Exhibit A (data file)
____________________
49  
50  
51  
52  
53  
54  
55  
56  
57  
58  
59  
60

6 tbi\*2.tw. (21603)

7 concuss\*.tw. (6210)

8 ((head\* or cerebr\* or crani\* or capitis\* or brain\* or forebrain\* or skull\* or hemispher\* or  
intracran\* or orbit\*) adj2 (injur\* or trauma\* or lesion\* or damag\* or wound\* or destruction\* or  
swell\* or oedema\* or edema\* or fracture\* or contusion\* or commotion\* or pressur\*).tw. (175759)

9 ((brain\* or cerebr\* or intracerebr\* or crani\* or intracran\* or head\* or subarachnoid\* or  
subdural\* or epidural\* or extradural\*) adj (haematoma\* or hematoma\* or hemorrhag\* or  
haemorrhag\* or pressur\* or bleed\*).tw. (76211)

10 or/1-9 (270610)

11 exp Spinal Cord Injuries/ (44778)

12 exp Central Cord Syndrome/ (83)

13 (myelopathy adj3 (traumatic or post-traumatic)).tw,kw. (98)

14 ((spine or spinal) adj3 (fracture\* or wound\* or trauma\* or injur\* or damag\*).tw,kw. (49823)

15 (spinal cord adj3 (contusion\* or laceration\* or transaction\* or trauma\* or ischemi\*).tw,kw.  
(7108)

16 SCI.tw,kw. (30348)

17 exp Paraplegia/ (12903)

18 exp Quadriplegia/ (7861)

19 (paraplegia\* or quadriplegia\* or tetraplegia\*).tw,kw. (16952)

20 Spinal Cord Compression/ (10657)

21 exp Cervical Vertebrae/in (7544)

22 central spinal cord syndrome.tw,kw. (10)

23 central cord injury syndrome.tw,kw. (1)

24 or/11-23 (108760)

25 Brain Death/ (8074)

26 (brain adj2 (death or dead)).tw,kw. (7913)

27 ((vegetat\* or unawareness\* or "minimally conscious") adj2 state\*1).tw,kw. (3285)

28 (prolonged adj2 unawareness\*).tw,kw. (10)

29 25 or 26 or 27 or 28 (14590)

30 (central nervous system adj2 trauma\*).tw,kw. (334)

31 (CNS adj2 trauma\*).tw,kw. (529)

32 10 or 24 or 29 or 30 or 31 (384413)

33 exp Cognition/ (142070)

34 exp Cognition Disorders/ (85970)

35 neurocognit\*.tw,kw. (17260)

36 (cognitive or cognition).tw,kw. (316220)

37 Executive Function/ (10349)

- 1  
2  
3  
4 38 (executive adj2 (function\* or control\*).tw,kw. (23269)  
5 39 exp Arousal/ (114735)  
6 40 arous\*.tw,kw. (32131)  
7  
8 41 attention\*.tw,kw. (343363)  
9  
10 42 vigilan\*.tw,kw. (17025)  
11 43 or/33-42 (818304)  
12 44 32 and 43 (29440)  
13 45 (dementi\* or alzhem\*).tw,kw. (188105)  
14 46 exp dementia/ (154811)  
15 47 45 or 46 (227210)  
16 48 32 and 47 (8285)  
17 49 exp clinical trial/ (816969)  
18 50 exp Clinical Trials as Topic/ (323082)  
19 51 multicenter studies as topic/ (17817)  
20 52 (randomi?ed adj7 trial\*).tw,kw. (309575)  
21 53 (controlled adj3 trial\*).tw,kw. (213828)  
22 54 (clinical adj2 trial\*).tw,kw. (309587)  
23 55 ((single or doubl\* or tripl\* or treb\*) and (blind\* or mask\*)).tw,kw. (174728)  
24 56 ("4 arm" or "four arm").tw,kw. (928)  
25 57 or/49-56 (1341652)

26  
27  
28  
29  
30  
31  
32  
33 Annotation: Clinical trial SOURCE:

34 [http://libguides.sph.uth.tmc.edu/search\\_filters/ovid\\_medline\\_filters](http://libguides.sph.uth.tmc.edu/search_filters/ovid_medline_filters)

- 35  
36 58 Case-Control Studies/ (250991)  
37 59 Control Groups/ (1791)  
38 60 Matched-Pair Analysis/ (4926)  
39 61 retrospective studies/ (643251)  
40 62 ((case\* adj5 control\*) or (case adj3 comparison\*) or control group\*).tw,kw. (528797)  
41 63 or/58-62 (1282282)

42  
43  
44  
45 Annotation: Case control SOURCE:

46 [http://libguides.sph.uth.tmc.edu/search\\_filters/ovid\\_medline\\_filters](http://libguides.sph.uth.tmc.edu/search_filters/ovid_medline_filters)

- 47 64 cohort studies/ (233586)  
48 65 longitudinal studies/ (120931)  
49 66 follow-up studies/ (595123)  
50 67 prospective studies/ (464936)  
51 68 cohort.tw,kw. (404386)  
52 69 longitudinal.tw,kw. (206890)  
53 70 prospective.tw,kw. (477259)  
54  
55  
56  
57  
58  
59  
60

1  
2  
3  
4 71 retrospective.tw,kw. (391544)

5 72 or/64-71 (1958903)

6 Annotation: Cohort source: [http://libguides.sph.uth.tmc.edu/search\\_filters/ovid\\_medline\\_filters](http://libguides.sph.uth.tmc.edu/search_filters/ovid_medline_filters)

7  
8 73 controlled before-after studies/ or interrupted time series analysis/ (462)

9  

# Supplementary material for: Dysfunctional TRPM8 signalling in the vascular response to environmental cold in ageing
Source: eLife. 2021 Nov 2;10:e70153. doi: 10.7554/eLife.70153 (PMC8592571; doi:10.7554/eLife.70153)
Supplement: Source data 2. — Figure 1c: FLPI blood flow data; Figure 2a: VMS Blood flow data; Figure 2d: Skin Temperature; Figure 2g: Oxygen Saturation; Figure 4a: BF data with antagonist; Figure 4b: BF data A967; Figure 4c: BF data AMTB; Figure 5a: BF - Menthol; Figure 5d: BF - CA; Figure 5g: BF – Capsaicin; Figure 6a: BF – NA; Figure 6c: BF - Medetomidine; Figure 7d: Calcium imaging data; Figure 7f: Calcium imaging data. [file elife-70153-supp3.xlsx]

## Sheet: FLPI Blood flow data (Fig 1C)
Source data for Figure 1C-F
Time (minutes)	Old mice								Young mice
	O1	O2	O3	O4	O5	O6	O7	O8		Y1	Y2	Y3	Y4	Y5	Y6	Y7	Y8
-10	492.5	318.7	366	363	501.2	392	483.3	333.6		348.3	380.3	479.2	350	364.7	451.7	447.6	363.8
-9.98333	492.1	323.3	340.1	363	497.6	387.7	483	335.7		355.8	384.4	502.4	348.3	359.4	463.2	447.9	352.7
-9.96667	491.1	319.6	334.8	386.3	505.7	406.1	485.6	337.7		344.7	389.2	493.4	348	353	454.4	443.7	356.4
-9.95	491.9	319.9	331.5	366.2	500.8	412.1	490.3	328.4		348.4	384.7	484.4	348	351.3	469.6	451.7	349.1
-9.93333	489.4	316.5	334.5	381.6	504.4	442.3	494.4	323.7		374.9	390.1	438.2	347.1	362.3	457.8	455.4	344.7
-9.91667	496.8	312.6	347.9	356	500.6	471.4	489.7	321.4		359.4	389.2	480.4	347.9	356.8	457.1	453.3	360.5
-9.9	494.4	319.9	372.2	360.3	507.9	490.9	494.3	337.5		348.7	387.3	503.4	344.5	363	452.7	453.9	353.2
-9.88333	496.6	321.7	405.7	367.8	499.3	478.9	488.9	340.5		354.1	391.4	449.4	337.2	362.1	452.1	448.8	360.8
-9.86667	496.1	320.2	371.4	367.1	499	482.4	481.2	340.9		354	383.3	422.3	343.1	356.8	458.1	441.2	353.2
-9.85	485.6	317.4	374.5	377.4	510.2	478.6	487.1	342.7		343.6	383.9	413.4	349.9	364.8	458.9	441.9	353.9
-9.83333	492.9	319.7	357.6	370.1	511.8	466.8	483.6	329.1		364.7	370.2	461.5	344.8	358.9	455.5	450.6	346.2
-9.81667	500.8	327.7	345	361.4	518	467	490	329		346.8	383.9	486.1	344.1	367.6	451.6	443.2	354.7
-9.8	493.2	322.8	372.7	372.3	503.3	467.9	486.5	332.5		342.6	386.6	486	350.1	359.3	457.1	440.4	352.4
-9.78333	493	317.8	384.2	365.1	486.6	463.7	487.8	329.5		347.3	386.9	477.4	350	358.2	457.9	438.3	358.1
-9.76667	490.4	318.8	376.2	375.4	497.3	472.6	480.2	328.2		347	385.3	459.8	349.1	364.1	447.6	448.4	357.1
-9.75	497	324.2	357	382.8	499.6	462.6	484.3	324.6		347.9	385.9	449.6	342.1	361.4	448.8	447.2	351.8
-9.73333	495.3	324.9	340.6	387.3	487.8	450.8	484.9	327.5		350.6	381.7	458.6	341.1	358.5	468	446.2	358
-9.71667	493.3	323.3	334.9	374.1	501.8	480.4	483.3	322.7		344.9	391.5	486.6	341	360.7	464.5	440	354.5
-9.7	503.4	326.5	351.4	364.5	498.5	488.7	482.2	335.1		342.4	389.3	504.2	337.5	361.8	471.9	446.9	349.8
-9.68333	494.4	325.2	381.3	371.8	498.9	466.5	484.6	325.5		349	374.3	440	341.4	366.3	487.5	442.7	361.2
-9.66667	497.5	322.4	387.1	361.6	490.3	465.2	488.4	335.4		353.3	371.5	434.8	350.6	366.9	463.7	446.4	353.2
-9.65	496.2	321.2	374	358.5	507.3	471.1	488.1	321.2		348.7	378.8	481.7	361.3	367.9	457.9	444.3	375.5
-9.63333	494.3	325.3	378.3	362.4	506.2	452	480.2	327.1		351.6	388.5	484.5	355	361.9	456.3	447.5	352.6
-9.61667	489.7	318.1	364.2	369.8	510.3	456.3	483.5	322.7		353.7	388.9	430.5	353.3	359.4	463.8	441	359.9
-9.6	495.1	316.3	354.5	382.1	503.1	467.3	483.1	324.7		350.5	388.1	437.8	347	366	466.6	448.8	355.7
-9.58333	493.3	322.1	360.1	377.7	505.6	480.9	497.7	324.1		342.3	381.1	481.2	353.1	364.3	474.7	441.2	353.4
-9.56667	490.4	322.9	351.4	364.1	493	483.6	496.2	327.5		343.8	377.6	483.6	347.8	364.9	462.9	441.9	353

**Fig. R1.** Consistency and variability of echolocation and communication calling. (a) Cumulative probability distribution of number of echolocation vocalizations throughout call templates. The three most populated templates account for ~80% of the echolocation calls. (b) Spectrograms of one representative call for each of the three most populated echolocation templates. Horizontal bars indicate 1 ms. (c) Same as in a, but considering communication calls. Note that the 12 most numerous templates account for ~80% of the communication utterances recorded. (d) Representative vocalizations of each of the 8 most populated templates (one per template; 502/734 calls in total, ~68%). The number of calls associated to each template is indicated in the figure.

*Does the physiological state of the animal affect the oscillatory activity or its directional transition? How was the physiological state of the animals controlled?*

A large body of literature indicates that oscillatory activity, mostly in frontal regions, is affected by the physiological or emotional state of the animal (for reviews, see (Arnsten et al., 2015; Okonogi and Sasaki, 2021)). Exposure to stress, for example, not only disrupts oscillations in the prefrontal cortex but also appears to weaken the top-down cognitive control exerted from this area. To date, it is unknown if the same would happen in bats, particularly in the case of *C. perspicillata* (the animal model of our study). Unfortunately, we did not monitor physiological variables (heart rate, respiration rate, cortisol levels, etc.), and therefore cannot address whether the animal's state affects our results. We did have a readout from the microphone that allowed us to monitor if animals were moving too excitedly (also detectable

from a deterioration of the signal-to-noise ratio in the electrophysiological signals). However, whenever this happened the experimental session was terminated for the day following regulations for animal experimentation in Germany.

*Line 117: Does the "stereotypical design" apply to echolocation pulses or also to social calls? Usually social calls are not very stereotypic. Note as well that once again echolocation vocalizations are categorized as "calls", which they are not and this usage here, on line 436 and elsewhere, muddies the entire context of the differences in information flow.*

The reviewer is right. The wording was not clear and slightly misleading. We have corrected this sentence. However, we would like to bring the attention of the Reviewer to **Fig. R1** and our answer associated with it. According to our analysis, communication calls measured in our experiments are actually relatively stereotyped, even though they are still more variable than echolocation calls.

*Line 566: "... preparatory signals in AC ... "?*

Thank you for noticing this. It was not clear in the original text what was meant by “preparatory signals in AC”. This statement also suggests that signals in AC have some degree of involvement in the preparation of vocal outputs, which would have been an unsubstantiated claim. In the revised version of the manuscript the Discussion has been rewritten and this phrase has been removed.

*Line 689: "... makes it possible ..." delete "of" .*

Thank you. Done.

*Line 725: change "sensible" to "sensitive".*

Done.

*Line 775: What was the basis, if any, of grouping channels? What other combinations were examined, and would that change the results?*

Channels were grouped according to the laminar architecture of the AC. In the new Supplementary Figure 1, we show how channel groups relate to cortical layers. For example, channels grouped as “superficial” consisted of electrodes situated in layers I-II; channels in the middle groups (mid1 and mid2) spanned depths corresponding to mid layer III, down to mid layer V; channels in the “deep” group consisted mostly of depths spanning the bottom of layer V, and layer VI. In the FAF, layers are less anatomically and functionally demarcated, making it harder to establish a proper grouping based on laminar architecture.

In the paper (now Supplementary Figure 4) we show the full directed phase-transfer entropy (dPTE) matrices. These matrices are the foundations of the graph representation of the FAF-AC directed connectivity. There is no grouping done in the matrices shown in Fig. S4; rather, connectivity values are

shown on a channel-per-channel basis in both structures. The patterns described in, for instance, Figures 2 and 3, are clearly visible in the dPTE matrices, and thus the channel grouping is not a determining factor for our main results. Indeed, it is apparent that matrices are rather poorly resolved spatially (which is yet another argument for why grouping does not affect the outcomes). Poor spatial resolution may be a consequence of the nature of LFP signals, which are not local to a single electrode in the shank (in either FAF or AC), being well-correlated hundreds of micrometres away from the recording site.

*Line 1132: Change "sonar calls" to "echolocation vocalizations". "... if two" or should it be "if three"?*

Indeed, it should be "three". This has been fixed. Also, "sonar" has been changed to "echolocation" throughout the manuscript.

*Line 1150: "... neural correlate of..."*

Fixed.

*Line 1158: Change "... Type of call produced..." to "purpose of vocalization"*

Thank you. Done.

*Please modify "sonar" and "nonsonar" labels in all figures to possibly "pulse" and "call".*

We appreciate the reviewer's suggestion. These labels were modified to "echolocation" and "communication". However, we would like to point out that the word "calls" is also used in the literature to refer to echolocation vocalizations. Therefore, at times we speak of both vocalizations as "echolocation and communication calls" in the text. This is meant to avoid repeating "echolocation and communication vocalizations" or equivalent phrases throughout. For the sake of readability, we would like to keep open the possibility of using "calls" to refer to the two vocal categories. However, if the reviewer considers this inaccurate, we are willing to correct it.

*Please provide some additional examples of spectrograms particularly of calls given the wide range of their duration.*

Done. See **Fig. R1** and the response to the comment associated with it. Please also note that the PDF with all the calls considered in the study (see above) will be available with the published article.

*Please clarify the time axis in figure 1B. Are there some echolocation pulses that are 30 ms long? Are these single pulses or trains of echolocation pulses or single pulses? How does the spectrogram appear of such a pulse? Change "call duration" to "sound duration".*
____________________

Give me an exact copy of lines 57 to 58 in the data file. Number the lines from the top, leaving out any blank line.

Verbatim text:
8 41 attention\*.tw,kw. (343363)  
9  